Within the two weeks that were the Innovation Institute, I achieved several goals – some clearly intended, some the serendipity of the occasion. A number of these relate to the broader context and offerings of the institute; others relate to the singular project I had posed for myself in applying for this fellowship.
THE BROADER CONTEXT: The institute itself brought us out of our silos offering valuable camaraderie and an eye-opening awareness of projects on which colleagues had been or were working as well as the particular possibilities and challenges in other disciplines. It also made us aware of commonalities ranging from assessment issues and technical challenges to potentials for shared experimentation and possibly even teaching opportunities.
The team that directed our program gave tremendously of their time, energies, and varied expertise. We were only well started when it was brought home to me, at least, how much work was going on in the background to make these two weeks as productive and meaningful as possible: from the let-there-be-ipads-in-no-time-at-all initiative to the steady stream of topics and perspectives made meaningful and applicable in limited reading, presentation, and discussion. Those carefully honed morning sessions provided ideas, models, and vocabularies, and did so in a way that regularly brought the participant’s thinking back to ready, imaginable utilizations both in the classroom and in our scholarship. Those involved in the planning and carrying out of the Innovation Institute are to applauded…and thanked.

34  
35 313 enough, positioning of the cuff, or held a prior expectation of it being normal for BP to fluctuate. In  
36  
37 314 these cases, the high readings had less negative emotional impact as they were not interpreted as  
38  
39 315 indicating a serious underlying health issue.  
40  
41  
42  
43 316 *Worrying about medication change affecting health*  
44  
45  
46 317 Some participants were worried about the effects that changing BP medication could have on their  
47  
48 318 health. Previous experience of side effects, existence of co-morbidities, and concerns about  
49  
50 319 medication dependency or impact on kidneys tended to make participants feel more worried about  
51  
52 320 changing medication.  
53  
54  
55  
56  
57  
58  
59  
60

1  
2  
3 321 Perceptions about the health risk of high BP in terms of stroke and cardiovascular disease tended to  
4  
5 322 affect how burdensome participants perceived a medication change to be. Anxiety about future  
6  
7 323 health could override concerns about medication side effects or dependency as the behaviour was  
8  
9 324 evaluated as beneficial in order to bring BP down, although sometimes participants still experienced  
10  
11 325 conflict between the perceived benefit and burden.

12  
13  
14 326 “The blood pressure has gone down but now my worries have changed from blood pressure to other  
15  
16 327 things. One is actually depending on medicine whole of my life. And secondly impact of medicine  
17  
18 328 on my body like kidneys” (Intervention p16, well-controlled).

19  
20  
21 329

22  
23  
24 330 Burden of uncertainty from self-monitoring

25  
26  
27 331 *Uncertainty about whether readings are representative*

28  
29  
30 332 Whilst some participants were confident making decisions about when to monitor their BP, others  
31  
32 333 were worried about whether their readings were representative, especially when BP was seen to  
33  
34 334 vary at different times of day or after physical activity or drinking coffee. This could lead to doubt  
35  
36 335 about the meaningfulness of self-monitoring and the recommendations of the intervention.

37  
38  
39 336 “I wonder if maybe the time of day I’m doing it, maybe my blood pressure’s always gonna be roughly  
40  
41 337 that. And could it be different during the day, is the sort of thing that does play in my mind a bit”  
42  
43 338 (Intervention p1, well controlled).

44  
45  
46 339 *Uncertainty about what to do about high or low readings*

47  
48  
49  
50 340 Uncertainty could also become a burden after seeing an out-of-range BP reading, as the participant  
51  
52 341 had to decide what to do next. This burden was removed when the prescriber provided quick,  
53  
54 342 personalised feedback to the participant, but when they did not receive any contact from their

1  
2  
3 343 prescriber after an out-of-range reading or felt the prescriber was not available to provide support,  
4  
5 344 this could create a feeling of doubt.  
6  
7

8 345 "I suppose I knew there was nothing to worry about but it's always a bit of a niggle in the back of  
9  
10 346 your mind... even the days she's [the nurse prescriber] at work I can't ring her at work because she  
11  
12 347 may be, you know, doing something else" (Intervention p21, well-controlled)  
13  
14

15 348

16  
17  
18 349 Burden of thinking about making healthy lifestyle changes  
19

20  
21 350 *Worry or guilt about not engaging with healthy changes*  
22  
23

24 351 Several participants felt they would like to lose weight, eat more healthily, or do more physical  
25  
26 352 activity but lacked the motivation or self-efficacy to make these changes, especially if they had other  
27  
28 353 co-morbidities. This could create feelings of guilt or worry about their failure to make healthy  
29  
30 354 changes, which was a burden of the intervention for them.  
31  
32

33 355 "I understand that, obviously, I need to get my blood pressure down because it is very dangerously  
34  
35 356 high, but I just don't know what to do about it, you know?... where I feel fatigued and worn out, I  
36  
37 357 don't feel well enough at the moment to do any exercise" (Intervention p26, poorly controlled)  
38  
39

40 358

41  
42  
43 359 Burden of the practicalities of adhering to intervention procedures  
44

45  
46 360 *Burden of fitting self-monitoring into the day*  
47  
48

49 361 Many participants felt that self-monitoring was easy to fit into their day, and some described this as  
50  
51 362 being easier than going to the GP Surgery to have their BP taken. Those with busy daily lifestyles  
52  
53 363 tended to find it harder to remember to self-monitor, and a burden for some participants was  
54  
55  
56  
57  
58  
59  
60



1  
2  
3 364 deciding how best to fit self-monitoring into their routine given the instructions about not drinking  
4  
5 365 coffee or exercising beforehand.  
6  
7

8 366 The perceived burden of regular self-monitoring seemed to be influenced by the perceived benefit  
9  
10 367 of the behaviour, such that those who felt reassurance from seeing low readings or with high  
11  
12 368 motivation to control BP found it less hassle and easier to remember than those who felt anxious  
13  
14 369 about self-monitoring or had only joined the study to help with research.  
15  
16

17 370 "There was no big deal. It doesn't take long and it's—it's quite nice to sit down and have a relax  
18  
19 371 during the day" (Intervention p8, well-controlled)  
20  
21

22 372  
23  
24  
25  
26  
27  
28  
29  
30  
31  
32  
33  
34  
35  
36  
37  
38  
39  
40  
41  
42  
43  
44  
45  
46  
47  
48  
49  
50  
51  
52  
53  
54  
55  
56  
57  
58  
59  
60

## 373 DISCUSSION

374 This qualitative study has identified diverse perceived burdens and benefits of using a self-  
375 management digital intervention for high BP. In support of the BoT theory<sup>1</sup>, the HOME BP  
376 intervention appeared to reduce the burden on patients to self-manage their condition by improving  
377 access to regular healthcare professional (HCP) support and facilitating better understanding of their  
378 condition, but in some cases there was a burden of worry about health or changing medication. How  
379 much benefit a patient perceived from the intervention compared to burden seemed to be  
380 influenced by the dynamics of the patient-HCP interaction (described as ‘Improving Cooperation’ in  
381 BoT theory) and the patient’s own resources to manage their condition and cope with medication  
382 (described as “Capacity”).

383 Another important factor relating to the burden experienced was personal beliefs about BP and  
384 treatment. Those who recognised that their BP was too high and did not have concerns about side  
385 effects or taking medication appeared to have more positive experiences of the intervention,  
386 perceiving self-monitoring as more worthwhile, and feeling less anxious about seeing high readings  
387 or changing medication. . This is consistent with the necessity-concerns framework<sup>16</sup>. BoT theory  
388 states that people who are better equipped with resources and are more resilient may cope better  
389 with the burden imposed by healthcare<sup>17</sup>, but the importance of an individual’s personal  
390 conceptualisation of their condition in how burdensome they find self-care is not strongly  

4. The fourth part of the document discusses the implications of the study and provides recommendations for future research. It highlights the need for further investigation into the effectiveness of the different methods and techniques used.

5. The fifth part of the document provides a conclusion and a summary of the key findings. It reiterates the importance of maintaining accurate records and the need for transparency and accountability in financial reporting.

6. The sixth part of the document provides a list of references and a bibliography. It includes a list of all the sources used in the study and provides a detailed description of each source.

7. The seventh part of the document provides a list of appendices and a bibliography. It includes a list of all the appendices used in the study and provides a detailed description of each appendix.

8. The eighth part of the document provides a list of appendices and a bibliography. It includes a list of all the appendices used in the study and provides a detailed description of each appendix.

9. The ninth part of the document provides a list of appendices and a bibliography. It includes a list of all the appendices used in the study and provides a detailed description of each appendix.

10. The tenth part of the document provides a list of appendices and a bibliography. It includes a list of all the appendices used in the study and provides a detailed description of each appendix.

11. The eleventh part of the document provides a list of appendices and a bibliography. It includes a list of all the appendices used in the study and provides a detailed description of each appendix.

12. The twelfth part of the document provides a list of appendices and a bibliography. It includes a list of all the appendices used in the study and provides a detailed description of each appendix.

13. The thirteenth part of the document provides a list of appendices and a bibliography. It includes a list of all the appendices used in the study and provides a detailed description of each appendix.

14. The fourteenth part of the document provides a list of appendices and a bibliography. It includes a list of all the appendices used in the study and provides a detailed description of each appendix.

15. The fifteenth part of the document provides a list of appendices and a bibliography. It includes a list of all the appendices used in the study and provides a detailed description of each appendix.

In the process that team did an amazing job at making us all aware of them as resources–be it for advice, technical know-how or brainstorming. Again and again, it was brought home to us that there were numerous open doors (some unrecognized perhaps) on this campus if we would and could find the time and energy to reach out – and how readily what lay beyond the doors could take our 2 + 2 and make not a mere 4 (or even 5) but perhaps a 15.
MY OWN PEDAGOGICAL EXPERIMENT: I arrived at the Institute with some still rather amorphous ideas about reshaping a 2009 Art History course on Issues in Collecting into a more focused study of the collection and its curation joined to a rather innovative project intended to build student awareness of the constructed nature of collection and exhibition curation and the implications of same.
Not only did the Institute provide time centered on course construction (something I will at least pretend I might have found for myself this summer), but did so in a stimulating, critical environment that I could not have produced. By the end of the first week my course structure had taken on an unexpected sophistication in scaffolding consciously built around defined learning objectives. Particularly notable was the synthesis of the student project work into the overarching course—again building backwards from those same increasingly clarified learning objectives.